What you missed in Big Data: Training AIs

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Last week witnessed yet another escalation in the fight to win over the hearts and minds of the machine learning community. The first shot came from Google Inc., which open-sourced a homegrown automation framework designed to simplify the deployment of the complex algorithms used in recommendation engines and ad delivery platforms.

TensorFlow Serving provides the ability to package every component of a machine learning model into a self-contained module that can be managed independently from the rest of the project. The approach removes the need to refresh the entire deployment whenever a sub-system needs to be updated, which drastically reduces the amount of work involved in the process. Organizations thus gain the ability to roll out new features and performance improvements much more frequently than traditional deployment methodologies allow.

Not wanting to leave the launch of TensorFlow Serving unanswered, Facebook Inc., another major player in the machine learning community, last Thursday published a 1.6-gigabyte training dataset that can be used to hone natural-language processing algorithms. It’s made up of classic children’s stories from the Gutenberg Project that the have been organized into a semi-structured format for easy parsing. The contribution is the latest in a wave of such releases that previously saw Yahoo Inc. make 13.5 terabytes of user activity logs from several of its biggest online media properties available for free.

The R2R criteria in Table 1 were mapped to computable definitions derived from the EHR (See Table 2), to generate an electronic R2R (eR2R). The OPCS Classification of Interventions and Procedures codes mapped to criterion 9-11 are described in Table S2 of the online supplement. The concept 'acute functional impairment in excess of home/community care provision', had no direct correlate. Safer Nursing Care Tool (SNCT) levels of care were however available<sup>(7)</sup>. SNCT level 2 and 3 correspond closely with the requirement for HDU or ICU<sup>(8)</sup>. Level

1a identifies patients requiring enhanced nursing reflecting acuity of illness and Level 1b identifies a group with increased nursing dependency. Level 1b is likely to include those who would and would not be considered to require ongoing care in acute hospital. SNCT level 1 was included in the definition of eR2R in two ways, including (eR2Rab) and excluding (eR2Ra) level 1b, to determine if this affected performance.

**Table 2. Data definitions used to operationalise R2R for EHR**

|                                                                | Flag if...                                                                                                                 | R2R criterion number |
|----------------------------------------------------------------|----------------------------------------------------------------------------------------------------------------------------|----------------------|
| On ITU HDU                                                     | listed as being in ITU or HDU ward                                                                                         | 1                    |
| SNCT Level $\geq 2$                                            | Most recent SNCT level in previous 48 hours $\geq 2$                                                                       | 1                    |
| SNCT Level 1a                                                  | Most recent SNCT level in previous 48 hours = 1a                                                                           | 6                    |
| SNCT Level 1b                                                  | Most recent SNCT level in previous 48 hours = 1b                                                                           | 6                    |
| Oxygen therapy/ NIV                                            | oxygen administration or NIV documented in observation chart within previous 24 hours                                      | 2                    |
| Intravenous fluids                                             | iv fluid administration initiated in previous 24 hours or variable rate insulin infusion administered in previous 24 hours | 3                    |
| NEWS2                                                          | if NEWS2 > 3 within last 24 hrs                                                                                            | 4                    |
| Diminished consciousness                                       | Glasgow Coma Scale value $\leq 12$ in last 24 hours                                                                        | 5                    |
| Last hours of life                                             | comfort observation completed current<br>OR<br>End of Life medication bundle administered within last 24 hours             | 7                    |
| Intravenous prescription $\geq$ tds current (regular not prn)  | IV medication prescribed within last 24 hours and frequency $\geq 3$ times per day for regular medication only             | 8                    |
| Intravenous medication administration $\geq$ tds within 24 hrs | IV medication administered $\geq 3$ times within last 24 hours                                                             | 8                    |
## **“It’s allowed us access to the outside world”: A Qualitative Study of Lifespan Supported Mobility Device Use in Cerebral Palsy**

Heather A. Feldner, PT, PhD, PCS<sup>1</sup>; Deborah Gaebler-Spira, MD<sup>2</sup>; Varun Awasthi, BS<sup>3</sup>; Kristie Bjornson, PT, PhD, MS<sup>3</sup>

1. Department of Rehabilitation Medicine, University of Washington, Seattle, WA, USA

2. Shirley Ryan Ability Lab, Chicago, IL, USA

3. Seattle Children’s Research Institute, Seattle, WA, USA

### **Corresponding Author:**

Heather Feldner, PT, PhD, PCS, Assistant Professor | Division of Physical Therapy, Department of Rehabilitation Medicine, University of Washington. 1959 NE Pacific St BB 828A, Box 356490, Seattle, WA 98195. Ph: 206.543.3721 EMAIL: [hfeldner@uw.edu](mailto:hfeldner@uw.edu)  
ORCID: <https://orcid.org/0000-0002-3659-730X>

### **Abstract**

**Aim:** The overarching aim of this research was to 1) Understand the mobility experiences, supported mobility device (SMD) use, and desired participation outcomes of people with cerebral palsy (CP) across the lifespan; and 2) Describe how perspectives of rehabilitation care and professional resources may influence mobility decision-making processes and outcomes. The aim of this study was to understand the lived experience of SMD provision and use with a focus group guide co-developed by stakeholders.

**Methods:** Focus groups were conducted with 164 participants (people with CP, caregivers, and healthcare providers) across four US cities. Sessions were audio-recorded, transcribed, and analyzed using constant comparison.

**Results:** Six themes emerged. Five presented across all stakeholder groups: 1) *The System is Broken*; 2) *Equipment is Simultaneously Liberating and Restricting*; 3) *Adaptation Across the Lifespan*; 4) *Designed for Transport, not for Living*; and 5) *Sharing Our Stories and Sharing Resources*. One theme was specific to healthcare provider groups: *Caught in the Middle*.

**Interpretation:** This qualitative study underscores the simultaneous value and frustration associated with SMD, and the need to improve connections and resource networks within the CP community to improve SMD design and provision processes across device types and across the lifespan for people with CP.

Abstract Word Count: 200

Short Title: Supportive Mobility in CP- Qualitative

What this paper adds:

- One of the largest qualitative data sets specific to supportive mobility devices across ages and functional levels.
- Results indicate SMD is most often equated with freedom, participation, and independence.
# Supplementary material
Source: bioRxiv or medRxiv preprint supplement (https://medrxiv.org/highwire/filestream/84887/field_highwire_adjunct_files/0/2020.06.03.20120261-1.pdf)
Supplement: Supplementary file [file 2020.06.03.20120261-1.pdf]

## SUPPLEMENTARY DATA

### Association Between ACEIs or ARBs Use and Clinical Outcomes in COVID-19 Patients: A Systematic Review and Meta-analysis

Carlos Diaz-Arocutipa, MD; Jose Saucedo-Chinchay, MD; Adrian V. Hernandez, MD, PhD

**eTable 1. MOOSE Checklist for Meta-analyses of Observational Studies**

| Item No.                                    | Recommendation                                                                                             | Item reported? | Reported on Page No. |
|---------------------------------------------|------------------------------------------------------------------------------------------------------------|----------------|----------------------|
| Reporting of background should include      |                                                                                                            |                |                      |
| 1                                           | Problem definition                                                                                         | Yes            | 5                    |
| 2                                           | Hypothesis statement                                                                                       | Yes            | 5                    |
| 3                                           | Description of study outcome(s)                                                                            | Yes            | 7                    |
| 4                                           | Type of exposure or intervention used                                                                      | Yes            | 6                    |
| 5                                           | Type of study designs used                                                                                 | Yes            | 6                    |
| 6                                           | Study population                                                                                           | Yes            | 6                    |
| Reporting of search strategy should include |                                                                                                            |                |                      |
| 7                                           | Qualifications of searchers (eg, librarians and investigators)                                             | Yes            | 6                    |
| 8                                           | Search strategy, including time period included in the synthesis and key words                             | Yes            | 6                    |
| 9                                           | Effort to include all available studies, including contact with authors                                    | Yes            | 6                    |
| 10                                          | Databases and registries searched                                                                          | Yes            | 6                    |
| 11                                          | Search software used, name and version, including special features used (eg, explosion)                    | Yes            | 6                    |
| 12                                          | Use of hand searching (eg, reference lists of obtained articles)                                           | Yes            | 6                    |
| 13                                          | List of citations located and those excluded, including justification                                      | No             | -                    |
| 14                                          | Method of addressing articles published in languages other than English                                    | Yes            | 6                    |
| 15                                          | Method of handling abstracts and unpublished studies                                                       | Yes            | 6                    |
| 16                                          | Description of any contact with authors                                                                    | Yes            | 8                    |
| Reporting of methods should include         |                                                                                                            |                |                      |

Enterprise vendors are also starting to join fray. Salesforce.com Inc. led the way last week wih the acqusition of PredictionIO Inc. the startup behind the popular open-source algrithm development software of the same name. The financial terms of the deal weren’t disclosed, but the cloud giant did reveal that it’s planning to use the technology to improve the accuracy of the machine learning capabilities in its sales automation platform.

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